Most of Colorado River Water Goes to Growers
Las Vegas was a blip on the population charts when seven Western states began divvying up the riches of the Colorado River.
The Colorado River Compact was crafted in 1922 when agriculture dominated politics and the economy, and this tiny rail stop had 4,859 residents.
The compact allocated 15 million acre-feet of water annually to the seven states. California won the lion’s share, 4.4 million acre-feet, followed by Colorado with 3.9 million, Arizona 2.8 million, Utah 1.7 million, Wyoming 1 million, New Mexico 850,000 and Nevada 300,000 acre-feet.
An acre-foot, 325,851 gallons, is enough to serve a family of five for one year.
The Colorado River is the nation’s sixth-largest in terms of water volume at 17.5 million acre-feet per year. The river basin covers 224,000 square miles in the seven states, with about 30 million people dependent on the river’s water, most of them in Los Angeles, San Diego, Phoenix, Tucson, Denver, Las Vegas and Salt Lake City.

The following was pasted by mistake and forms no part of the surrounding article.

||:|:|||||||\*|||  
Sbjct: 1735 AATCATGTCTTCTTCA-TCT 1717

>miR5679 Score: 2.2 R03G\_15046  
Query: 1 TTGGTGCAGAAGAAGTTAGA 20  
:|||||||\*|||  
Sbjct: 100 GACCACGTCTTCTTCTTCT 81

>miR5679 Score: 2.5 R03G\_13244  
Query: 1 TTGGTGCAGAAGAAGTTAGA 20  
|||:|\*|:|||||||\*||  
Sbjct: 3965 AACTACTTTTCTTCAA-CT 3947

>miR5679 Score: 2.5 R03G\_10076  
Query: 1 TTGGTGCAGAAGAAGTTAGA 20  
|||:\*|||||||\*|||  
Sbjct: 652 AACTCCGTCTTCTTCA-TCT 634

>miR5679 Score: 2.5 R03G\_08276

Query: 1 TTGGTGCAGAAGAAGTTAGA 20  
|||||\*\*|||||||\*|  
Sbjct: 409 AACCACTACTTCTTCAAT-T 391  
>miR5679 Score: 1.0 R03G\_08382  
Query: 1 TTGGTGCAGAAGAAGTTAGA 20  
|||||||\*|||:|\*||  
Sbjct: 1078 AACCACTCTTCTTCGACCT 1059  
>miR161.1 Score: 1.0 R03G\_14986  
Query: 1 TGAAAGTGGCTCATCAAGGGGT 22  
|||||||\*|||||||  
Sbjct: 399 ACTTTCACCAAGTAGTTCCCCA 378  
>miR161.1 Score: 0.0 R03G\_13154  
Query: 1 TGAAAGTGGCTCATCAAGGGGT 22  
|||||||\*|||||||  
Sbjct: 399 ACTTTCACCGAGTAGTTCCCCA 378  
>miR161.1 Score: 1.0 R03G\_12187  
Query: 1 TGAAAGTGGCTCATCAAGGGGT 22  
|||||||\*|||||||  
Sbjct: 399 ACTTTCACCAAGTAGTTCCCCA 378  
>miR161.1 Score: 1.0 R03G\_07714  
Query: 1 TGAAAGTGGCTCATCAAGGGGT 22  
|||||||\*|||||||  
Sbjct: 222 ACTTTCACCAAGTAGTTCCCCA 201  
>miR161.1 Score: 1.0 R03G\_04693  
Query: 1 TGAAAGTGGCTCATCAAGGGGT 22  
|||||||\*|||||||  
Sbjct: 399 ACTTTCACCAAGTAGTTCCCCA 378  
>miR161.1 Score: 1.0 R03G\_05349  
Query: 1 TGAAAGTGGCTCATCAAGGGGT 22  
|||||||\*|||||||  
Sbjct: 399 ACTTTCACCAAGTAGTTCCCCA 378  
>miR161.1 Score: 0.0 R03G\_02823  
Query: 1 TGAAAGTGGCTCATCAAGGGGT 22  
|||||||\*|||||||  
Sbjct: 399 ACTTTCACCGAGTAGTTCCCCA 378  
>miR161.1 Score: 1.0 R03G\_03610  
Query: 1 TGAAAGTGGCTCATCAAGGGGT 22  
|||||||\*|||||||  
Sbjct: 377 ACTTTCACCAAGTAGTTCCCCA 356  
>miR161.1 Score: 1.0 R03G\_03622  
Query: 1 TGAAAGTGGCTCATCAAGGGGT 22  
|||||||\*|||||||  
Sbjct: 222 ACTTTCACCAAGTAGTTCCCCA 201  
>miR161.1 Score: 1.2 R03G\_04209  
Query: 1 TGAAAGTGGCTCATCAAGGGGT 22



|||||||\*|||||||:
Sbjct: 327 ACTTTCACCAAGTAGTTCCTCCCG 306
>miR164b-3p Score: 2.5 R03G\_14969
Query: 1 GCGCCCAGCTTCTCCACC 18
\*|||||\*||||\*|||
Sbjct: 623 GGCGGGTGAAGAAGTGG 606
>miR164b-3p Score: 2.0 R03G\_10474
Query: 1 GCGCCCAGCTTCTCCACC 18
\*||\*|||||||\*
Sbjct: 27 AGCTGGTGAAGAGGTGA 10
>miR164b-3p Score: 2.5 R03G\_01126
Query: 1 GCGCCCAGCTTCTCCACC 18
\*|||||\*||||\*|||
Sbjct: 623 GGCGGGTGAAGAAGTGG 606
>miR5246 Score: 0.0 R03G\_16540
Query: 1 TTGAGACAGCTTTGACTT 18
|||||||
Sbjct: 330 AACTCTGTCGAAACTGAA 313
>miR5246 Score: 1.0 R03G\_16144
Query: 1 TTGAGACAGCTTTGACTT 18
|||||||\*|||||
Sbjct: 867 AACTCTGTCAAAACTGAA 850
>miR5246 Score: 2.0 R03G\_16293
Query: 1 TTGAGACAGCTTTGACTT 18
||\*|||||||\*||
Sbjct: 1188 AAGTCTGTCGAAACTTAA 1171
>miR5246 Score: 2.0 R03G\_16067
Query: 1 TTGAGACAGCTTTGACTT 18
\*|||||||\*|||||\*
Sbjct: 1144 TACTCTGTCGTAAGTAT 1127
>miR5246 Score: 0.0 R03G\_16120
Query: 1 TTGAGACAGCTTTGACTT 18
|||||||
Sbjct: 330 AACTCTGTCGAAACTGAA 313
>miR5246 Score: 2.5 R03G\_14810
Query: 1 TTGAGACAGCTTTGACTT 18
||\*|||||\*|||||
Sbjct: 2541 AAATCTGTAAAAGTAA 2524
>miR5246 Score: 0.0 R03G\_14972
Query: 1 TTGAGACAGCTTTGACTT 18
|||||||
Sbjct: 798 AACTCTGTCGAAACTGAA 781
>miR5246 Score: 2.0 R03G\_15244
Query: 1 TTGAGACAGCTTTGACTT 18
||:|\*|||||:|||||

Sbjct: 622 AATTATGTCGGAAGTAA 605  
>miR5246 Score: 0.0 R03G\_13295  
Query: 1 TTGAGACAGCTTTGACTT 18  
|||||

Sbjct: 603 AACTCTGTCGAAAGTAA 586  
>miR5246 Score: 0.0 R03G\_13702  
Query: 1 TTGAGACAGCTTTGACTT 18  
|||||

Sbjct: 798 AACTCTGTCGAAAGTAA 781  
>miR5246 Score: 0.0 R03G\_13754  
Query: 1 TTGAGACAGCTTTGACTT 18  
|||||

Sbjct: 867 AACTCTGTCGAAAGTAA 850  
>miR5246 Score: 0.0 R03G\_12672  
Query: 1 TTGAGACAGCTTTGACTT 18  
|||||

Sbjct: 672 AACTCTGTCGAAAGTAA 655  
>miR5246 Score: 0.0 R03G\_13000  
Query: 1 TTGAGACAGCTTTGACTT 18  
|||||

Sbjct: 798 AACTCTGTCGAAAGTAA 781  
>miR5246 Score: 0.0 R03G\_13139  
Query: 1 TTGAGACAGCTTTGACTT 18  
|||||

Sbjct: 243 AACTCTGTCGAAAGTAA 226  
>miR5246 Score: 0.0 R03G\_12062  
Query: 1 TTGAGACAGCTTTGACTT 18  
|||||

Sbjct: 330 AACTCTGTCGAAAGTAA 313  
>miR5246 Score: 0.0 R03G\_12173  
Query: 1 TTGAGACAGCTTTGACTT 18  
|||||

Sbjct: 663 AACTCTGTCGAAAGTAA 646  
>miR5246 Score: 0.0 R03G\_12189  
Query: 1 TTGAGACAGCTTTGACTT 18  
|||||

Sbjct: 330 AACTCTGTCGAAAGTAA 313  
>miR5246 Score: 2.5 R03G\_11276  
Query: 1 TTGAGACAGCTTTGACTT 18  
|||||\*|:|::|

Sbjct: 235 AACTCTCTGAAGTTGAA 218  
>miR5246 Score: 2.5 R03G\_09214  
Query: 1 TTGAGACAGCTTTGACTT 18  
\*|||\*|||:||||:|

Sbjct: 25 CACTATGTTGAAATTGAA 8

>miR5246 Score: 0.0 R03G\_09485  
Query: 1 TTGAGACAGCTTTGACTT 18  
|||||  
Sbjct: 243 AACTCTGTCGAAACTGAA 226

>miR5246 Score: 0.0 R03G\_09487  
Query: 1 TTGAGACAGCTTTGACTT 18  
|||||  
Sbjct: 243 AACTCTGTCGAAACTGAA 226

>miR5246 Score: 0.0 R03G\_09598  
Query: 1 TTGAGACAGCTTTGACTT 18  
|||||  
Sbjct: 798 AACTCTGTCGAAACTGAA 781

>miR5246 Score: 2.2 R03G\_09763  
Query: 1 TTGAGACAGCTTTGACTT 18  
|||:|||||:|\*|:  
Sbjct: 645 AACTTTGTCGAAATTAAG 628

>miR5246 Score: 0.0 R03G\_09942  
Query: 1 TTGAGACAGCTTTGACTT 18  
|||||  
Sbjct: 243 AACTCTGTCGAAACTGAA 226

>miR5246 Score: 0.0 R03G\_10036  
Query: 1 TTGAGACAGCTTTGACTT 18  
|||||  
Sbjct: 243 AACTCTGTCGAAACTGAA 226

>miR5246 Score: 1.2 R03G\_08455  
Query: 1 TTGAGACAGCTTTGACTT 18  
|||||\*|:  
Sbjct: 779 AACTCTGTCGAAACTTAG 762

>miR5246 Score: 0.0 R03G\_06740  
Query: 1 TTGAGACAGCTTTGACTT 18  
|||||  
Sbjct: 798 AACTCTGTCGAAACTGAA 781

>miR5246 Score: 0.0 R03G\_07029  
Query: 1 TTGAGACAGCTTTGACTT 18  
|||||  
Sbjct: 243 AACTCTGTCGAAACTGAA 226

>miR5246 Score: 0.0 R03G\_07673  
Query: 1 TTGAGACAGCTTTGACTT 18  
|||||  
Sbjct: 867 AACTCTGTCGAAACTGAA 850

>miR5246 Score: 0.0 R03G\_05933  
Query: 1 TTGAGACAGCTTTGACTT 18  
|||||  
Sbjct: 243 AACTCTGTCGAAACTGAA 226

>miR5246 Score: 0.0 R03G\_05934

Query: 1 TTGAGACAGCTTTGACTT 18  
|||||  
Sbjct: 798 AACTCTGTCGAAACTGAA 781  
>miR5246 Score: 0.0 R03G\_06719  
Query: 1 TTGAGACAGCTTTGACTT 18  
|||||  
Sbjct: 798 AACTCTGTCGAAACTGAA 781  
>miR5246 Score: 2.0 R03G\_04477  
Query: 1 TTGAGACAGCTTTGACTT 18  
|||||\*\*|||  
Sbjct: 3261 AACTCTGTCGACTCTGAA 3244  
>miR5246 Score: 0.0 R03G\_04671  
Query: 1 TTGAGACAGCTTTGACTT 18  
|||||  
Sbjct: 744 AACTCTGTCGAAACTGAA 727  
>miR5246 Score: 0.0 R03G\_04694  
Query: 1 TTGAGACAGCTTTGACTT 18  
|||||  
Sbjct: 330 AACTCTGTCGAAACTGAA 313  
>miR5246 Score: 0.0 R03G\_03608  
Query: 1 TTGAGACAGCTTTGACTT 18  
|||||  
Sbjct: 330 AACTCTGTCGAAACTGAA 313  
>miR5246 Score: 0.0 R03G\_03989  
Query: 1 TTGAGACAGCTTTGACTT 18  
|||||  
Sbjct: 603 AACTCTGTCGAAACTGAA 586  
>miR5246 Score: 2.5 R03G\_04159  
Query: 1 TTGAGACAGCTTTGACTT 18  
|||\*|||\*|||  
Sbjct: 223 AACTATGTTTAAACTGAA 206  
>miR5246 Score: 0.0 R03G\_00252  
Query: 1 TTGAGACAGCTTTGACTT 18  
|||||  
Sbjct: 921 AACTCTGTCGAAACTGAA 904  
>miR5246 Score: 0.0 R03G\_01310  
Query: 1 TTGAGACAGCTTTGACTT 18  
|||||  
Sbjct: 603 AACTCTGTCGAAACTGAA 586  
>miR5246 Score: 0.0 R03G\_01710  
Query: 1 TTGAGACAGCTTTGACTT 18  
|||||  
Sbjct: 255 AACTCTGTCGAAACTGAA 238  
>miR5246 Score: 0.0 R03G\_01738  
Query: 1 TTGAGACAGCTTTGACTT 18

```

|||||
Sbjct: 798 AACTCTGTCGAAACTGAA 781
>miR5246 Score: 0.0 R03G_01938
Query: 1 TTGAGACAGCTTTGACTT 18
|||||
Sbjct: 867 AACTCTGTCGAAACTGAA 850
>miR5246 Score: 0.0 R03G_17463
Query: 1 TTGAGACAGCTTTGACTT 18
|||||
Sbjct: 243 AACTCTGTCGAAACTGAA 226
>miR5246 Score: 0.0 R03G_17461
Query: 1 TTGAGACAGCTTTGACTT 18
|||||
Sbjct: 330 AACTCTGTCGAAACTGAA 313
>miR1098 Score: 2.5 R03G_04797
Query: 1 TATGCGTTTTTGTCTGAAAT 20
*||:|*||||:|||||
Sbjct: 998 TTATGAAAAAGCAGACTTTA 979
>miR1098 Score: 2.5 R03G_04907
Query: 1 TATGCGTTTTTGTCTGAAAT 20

The Colorado River Aqueduct, completed in 1941, delivers water from the river to the Metropolitan Water District of Southern California, which distributes water to 27 water districts covering 300 communities and 16 million people.
The $3-billion Central Arizona Project provides Colorado River water to Phoenix, Tucson and thousands of Arizona farmers.
Despite the major population centers, the vast majority of the river allocations feed an insatiable agricultural thirst.
About 85% of the Colorado allocations go to agricultural use, said Patricia Mulroy, general manager of the Southern Nevada Water Authority, an umbrella organization made up of water districts in the Las Vegas Valley.